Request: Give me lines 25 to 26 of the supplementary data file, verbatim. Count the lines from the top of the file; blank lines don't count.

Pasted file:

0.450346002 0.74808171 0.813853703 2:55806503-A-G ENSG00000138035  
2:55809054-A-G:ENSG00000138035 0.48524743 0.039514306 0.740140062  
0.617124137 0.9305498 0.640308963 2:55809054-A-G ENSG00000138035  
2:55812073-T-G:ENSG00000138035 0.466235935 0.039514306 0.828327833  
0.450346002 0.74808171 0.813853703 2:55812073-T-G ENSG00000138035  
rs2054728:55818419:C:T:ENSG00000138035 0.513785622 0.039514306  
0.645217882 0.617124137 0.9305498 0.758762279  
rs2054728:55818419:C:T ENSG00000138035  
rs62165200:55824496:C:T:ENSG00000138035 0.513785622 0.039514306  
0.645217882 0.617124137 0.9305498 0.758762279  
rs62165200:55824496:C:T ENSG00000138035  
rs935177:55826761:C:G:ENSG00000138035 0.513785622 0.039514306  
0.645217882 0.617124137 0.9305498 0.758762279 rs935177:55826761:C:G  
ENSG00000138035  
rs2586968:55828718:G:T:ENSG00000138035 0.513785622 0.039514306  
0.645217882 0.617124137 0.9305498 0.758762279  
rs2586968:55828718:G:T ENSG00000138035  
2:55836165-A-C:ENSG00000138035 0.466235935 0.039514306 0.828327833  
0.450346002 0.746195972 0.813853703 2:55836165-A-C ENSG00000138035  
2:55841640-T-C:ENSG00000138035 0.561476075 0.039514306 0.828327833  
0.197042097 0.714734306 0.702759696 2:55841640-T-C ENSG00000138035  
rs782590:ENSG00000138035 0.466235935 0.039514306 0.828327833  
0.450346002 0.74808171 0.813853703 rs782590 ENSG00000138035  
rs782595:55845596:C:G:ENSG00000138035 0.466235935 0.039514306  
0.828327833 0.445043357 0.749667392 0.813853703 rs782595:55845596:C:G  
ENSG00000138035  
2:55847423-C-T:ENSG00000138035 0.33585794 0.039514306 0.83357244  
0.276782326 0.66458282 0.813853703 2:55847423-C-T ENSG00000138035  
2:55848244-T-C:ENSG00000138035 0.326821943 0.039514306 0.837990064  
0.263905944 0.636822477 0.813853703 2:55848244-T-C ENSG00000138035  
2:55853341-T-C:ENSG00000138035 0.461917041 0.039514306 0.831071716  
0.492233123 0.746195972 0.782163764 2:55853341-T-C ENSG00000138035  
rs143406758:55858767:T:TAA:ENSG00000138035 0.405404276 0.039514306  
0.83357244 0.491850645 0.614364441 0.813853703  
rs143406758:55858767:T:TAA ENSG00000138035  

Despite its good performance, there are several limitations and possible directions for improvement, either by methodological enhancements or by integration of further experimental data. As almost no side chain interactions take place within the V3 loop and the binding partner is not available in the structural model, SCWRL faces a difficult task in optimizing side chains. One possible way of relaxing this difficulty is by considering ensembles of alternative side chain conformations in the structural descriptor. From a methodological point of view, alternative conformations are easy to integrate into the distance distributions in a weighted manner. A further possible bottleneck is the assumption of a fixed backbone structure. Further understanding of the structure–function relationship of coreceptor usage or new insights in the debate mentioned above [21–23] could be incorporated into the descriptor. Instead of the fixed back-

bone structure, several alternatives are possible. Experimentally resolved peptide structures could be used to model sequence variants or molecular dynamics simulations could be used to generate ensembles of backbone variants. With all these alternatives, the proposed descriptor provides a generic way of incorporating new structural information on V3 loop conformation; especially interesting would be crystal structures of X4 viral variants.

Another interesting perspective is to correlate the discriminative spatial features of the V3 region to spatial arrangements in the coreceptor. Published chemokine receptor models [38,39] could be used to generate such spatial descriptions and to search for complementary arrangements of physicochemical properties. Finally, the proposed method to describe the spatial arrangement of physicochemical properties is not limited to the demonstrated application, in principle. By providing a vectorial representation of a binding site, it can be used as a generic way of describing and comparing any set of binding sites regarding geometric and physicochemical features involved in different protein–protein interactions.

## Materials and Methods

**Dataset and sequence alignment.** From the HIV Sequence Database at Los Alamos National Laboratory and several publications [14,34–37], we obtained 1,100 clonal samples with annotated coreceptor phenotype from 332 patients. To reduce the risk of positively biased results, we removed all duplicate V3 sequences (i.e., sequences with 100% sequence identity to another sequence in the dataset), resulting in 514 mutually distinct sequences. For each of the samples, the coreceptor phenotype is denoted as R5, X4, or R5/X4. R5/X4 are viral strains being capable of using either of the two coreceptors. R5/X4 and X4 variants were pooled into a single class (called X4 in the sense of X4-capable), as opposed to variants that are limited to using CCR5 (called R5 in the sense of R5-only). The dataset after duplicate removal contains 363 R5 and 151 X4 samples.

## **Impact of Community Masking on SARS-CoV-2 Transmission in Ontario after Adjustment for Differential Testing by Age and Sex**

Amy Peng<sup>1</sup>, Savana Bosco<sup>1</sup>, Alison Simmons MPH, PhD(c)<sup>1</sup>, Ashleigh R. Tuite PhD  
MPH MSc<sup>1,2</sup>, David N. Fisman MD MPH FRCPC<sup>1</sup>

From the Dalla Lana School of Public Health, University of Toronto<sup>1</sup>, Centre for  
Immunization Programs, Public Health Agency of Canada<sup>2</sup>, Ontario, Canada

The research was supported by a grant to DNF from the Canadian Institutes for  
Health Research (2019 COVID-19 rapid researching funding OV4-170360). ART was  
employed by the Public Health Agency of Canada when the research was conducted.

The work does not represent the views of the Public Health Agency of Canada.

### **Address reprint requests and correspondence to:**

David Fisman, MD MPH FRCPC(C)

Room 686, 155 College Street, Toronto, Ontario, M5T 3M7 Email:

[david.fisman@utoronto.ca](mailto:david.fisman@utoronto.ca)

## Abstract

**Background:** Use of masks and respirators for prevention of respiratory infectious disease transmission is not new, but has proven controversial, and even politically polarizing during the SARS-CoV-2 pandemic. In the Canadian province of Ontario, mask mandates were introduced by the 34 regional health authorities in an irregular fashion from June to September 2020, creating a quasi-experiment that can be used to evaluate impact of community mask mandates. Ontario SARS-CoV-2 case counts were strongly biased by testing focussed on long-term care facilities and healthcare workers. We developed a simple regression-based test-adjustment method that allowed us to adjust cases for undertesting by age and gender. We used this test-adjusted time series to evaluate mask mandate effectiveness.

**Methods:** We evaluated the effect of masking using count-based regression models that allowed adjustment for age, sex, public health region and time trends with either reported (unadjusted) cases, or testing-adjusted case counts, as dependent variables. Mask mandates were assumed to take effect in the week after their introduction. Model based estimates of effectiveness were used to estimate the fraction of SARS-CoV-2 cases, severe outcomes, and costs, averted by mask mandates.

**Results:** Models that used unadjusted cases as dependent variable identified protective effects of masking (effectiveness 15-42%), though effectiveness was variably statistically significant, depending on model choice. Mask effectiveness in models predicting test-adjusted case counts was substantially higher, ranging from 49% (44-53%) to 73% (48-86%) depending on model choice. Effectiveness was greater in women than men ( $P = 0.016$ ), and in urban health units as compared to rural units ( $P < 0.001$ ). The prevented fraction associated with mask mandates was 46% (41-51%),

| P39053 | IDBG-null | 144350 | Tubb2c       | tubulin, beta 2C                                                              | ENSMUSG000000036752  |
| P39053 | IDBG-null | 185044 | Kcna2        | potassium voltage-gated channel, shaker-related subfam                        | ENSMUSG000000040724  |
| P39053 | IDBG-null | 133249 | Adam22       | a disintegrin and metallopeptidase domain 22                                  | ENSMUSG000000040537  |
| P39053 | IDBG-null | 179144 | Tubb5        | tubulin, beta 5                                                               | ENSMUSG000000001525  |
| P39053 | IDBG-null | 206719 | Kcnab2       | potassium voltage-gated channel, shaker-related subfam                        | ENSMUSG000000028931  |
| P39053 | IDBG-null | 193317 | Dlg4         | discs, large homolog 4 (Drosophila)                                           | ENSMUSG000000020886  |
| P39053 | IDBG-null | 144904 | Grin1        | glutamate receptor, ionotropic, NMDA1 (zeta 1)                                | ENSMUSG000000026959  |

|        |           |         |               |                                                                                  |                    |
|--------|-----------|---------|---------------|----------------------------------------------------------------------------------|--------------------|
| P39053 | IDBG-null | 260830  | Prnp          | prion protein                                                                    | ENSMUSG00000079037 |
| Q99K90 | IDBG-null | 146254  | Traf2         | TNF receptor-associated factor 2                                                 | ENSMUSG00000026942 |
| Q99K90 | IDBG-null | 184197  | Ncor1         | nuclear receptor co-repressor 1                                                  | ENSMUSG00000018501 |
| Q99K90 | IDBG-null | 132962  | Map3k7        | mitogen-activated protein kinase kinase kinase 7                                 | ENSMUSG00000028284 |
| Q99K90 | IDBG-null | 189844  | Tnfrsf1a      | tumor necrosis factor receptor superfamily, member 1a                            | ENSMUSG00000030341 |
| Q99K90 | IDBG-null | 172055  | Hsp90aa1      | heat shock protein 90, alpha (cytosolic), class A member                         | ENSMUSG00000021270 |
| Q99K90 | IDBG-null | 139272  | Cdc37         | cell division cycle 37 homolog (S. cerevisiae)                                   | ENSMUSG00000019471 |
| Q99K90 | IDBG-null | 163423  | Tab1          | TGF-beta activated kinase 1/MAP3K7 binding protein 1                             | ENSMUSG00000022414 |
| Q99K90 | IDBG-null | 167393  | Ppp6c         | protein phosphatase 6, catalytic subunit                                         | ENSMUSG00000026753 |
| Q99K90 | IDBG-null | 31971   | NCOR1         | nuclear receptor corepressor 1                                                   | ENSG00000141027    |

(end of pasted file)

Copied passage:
0.828327833 0.445043357 0.749667392 0.813853703 rs782595:55845596:C:G  
ENSG00000138035  